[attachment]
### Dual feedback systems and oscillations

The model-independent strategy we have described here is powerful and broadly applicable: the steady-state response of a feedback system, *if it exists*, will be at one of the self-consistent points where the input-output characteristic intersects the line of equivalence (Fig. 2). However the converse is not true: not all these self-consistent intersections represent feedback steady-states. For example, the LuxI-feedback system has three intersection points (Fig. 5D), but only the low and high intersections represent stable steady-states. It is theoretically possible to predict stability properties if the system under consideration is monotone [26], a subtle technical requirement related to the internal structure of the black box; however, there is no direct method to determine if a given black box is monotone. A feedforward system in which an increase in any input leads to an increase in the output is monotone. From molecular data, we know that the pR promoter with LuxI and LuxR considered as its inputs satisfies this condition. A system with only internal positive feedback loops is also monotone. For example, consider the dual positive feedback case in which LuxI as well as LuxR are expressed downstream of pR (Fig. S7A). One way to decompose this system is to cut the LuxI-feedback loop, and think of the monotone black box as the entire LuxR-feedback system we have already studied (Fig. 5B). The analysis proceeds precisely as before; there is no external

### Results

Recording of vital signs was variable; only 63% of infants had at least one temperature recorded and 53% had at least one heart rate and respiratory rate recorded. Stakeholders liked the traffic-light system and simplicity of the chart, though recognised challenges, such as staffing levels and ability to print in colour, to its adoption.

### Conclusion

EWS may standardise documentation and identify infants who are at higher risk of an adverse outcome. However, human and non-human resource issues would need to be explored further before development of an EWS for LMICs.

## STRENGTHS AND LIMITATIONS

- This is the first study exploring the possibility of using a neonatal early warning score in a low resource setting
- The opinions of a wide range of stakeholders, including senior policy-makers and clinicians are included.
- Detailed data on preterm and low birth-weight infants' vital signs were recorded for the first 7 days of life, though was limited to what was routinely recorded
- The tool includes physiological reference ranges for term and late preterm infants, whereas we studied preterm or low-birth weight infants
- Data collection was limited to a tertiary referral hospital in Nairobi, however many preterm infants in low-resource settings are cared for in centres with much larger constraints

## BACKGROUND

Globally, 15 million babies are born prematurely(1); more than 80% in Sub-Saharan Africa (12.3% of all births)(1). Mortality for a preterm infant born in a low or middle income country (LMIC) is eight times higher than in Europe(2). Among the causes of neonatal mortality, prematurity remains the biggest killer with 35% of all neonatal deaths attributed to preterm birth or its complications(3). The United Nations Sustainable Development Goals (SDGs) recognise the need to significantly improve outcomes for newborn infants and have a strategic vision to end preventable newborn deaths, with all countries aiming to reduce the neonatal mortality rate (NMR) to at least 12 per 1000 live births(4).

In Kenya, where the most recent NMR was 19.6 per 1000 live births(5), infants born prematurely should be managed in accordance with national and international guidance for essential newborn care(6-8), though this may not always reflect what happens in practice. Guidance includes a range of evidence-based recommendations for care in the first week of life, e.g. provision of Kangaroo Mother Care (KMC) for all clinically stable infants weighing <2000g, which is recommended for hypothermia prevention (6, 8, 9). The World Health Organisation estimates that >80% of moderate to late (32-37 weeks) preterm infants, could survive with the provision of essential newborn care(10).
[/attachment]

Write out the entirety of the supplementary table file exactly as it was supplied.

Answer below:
### Dual feedback systems and oscillations

The model-independent strategy we have described here is powerful and broadly applicable: the steady-state response of a feedback system, *if it exists*, will be at one of the self-consistent points where the input-output characteristic intersects the line of equivalence (Fig. 2). However the converse is not true: not all these self-consistent intersections represent feedback steady-states. For example, the LuxI-feedback system has three intersection points (Fig. 5D), but only the low and high intersections represent stable steady-states. It is theoretically possible to predict stability properties if the system under consideration is monotone [26], a subtle technical requirement related to the internal structure of the black box; however, there is no direct method to determine if a given black box is monotone. A feedforward system in which an increase in any input leads to an increase in the output is monotone. From molecular data, we know that the pR promoter with LuxI and LuxR considered as its inputs satisfies this condition. A system with only internal positive feedback loops is also monotone. For example, consider the dual positive feedback case in which LuxI as well as LuxR are expressed downstream of pR (Fig. S7A). One way to decompose this system is to cut the LuxI-feedback loop, and think of the monotone black box as the entire LuxR-feedback system we have already studied (Fig. 5B). The analysis proceeds precisely as before; there is no external

### Results

Recording of vital signs was variable; only 63% of infants had at least one temperature recorded and 53% had at least one heart rate and respiratory rate recorded. Stakeholders liked the traffic-light system and simplicity of the chart, though recognised challenges, such as staffing levels and ability to print in colour, to its adoption.

### Conclusion

EWS may standardise documentation and identify infants who are at higher risk of an adverse outcome. However, human and non-human resource issues would need to be explored further before development of an EWS for LMICs.

## STRENGTHS AND LIMITATIONS

- This is the first study exploring the possibility of using a neonatal early warning score in a low resource setting
- The opinions of a wide range of stakeholders, including senior policy-makers and clinicians are included.
- Detailed data on preterm and low birth-weight infants' vital signs were recorded for the first 7 days of life, though was limited to what was routinely recorded
- The tool includes physiological reference ranges for term and late preterm infants, whereas we studied preterm or low-birth weight infants
- Data collection was limited to a tertiary referral hospital in Nairobi, however many preterm infants in low-resource settings are cared for in centres with much larger constraints

## BACKGROUND

Globally, 15 million babies are born prematurely(1); more than 80% in Sub-Saharan Africa (12.3% of all births)(1). Mortality for a preterm infant born in a low or middle income country (LMIC) is eight times higher than in Europe(2). Among the causes of neonatal mortality, prematurity remains the biggest killer with 35% of all neonatal deaths attributed to preterm birth or its complications(3). The United Nations Sustainable Development Goals (SDGs) recognise the need to significantly improve outcomes for newborn infants and have a strategic vision to end preventable newborn deaths, with all countries aiming to reduce the neonatal mortality rate (NMR) to at least 12 per 1000 live births(4).

In Kenya, where the most recent NMR was 19.6 per 1000 live births(5), infants born prematurely should be managed in accordance with national and international guidance for essential newborn care(6-8), though this may not always reflect what happens in practice. Guidance includes a range of evidence-based recommendations for care in the first week of life, e.g. provision of Kangaroo Mother Care (KMC) for all clinically stable infants weighing <2000g, which is recommended for hypothermia prevention (6, 8, 9). The World Health Organisation estimates that >80% of moderate to late (32-37 weeks) preterm infants, could survive with the provision of essential newborn care(10).